That’s because what was intended to be a relationship with God became a religion about God. Many people go to church out of religious duty, but never know the power of a life transformed by Jesus.

It’s time to unlearn religion and learn more about Jesus.

 

Theory: Everyone Has A Signature Sin

Dr. Wayne Schmidt believes most of us has a “signature” sin; an area where we have a spiritual “Achilles Heel”.

If we know what ours is and it’s persistent in our lives, we have to put it to “death” daily:

Every dream passes through the cross. Every dream takes you to where you let go of everything and everyone, every agenda and expectation, and then it is only as the Lord resurrects you and your dream that you can go on.

We spend much of our time and energy trying to avoid that place. We want just enough of Jesus to make us happy, just enough to give us peace, and just enough to make things go our way to fulfill our dreams and our agenda.

Meanwhile, He wants to take us to the cross, where our selfish dreams, egos, and plans for “great accomplishments” have to die. The cross brings you to a place of total and absolute surrender of all you have and all your are.

– Chip Ingram, “Good to Great in God’s Eyes”

 

What is Sin?

Our sin nature dates all the way back to Adam and the original sin. To make things even tougher, each of us may have a spiritual “Signature” sin that keeps recurring throughout our lives. Examples of these sins are insecurity and jealousy; hate and anger, lust, addiction – the list goes on (Galatians 5:19-21).

The good news is we do have hope! Examining your life, turning away from your sin, and living under the grace that comes through Jesus’ death on the cross will set you free.

God Made the Way to Heaven

There’s a sin gap between where we are and where we long to be. No matter how much we try, we can’t earn our place in heaven.

Thankfully, God made a way – and He made it clear in the Bible. Through Jesus’s death on the cross, we can find forgiveness for our sins and restore our relationship with our Heavenly Father.

 

 

Guarding the Interests of Others

Under pressure, half-selfish always defaults to selfish. Instead of being half-selfish, guard the interests of others. Do as the Bible instructs and put other’s interests before your own. Serve people selflessly and lovingly. Find inspiration from the Apostle Paul in Philippians 2:3-11.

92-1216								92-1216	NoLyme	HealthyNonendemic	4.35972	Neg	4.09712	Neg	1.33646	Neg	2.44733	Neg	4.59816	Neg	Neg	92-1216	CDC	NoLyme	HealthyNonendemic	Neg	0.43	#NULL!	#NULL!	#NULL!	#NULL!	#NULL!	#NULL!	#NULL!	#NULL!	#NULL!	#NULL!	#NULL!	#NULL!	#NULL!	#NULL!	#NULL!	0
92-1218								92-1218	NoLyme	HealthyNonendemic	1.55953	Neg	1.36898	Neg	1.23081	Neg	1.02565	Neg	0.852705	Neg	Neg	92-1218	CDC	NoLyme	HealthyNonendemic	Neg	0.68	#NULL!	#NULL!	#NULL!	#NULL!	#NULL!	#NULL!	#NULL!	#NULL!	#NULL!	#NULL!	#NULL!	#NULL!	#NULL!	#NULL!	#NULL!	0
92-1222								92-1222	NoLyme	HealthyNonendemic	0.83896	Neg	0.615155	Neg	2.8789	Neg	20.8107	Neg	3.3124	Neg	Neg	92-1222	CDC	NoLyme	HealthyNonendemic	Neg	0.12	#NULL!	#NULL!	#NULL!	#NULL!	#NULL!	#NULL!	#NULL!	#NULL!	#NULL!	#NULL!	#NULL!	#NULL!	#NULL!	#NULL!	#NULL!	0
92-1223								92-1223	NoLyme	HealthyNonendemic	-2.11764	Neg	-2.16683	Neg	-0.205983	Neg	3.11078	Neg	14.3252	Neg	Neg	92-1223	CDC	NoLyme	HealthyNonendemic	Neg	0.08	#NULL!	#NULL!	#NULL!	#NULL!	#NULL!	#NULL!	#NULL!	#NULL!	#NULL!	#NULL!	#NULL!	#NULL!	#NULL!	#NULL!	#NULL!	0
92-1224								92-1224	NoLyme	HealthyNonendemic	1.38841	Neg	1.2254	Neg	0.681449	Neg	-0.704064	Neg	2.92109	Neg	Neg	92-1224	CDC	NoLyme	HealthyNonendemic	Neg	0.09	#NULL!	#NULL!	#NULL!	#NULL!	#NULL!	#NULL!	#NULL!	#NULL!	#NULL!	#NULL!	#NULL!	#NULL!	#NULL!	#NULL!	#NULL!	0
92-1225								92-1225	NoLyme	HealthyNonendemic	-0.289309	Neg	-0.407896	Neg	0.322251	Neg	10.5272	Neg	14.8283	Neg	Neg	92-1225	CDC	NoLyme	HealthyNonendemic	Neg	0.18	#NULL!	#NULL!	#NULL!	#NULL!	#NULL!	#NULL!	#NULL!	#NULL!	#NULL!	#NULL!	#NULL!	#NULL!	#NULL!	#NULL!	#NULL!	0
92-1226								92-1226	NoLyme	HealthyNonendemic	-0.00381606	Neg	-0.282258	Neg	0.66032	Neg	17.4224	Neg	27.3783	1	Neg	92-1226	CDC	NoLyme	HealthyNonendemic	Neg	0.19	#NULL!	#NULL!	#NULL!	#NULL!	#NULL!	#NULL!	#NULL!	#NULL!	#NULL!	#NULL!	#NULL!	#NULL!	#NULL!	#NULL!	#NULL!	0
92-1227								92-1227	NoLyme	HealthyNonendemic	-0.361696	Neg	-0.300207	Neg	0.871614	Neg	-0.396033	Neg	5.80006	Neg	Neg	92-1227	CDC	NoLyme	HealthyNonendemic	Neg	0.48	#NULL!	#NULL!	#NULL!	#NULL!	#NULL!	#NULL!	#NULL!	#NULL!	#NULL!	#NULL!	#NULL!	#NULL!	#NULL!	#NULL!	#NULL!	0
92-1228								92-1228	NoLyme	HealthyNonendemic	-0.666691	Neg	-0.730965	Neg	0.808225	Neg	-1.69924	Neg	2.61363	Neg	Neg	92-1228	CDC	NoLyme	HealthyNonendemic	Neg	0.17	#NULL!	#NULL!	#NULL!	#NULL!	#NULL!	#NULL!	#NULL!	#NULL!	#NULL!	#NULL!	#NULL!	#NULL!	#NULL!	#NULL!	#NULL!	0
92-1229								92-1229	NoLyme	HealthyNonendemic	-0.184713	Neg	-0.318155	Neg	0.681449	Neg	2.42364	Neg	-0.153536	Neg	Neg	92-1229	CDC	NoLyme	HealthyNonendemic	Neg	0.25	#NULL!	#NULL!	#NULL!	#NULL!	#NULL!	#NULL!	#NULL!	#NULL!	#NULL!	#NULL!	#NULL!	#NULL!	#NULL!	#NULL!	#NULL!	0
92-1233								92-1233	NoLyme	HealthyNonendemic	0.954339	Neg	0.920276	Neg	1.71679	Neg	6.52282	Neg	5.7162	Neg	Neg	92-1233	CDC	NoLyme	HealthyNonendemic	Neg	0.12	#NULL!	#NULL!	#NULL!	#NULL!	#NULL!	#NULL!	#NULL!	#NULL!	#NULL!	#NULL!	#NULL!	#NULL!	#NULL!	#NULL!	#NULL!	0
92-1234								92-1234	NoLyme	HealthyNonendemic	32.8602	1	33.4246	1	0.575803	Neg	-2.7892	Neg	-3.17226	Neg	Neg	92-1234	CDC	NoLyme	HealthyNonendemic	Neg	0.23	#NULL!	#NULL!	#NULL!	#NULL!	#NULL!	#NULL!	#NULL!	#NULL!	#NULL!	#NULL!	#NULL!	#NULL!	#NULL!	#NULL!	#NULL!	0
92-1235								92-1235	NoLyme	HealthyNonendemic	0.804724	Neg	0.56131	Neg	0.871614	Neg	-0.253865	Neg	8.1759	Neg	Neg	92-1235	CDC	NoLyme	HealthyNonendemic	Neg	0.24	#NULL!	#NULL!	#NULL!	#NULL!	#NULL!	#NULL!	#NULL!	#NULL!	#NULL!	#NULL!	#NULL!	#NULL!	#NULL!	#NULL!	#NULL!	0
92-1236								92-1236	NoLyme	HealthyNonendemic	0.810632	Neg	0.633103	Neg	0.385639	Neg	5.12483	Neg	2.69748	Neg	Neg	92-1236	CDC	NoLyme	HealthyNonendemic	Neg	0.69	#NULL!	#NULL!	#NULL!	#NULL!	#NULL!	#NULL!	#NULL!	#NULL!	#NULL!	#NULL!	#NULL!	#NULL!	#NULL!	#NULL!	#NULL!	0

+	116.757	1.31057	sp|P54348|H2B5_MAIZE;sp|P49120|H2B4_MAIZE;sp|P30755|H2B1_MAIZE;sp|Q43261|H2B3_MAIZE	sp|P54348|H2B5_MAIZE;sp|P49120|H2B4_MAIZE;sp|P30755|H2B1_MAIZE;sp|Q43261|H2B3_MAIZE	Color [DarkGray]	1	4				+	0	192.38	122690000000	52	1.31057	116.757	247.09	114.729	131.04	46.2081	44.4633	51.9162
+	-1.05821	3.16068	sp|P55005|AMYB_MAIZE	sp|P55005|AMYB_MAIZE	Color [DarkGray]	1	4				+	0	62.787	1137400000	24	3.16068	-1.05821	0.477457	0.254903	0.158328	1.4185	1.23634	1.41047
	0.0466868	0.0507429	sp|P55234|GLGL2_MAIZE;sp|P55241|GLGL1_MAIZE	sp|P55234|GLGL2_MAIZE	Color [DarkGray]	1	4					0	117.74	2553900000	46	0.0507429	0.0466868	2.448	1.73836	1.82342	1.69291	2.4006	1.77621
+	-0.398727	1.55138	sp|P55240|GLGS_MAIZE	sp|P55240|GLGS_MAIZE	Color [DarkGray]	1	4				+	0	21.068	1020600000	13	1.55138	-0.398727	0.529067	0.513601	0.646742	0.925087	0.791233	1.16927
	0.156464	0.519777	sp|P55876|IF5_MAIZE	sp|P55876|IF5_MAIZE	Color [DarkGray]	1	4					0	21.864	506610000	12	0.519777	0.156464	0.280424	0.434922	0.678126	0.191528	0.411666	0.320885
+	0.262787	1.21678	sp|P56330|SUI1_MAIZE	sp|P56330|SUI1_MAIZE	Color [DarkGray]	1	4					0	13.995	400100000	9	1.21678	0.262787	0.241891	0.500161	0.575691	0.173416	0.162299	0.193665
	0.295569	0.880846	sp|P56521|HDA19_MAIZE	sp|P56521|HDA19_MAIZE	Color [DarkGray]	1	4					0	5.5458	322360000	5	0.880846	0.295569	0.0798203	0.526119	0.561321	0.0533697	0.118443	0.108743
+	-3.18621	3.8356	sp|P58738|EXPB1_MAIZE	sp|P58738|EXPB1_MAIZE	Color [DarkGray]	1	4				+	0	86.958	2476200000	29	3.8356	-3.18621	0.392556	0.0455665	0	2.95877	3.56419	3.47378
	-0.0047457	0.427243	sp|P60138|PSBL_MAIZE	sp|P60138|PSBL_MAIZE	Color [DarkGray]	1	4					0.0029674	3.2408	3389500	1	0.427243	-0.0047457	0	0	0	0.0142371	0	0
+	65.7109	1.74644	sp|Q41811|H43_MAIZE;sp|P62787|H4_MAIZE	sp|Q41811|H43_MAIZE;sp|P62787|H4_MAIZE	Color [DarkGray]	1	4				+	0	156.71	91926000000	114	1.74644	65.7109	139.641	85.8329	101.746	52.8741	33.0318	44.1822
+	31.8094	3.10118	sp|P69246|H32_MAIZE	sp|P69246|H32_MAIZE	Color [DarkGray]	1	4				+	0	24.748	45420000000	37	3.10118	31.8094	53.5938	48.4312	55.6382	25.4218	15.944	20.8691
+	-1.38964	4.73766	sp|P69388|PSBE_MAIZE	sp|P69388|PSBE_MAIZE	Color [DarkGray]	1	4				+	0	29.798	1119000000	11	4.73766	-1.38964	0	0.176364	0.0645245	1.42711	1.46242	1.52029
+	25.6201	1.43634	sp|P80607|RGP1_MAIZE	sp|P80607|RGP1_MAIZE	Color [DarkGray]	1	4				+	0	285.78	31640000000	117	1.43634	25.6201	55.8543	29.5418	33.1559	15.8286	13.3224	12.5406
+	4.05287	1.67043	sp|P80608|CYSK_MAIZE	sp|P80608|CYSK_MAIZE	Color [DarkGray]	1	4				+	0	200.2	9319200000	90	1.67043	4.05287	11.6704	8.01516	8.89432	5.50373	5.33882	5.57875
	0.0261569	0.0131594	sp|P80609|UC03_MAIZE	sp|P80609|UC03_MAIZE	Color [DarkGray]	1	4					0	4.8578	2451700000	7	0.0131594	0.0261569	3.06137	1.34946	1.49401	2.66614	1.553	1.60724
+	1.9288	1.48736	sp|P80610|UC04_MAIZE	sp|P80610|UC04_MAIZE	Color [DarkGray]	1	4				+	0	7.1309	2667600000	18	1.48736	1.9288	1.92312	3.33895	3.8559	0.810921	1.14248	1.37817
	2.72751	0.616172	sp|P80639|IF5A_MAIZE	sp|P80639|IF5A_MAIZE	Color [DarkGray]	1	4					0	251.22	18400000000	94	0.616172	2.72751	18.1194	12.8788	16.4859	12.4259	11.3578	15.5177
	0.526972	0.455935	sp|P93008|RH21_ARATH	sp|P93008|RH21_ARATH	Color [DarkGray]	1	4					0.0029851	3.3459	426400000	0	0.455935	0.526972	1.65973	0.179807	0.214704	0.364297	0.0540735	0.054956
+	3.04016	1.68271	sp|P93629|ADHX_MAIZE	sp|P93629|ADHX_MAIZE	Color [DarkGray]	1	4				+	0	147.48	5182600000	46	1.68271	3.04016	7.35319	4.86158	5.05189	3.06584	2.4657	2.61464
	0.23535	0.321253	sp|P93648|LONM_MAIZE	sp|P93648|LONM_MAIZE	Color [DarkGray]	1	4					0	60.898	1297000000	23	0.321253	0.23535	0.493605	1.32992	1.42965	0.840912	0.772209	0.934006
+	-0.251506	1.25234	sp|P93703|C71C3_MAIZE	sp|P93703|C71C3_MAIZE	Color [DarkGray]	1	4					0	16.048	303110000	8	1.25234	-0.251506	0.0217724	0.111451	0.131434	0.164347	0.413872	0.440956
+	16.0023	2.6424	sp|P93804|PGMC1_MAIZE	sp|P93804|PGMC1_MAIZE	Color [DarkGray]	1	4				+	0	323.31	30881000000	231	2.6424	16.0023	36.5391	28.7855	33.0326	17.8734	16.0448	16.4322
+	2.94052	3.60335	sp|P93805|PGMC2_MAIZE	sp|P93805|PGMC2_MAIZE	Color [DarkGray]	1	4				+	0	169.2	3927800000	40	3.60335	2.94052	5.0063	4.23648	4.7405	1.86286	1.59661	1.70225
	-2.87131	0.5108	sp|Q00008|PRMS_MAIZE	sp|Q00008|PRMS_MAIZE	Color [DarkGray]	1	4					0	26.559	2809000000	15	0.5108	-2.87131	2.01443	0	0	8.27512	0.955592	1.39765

To become selfless, seek God’s help and tap into the power of the Holy Spirit. Walk the path of “dying to self.”

Half-Selfish

“Half-selfish” is when we’re all about getting what we want and fulfilling our own selfish desires, but we need someone else’s help to make things happen. It’s selfishness wrapped up in a pretty package to make it appear as though it’s something else. We might want to be about others, but we’re still all about ourselves. Jesus’ disciples understood this tension all too well.

 

We Can’t See Our Own Selfishness

The Bible teaches us in Matthew 20:28 that “The Son of Man did not come to be served, but to serve and to give his life as a ransom for many.” We admire that kind of selflessness in Jesus and the people around us. We just don’t want to live that way ourselves! The truth is we want others to live selflessly so we can continue to live selfishly.

Often, we can’t even see our own selfishness because we’re so blinded by the wounds inflicted upon us by someone else’s selfishness.

 

What Practices Can Help Get Us Through A Spiritually Empty Season?

When you’re in a spiritually empty season, remember that God is still at work. Sometimes He takes a step back so you can advance two steps closer. During these times, you’ll grow your heart for God and you’ll grow your strength for seeking Him.

Learn to pine for the Lord in your spiritual winter and you’ll gain new insight in your spiritual spring.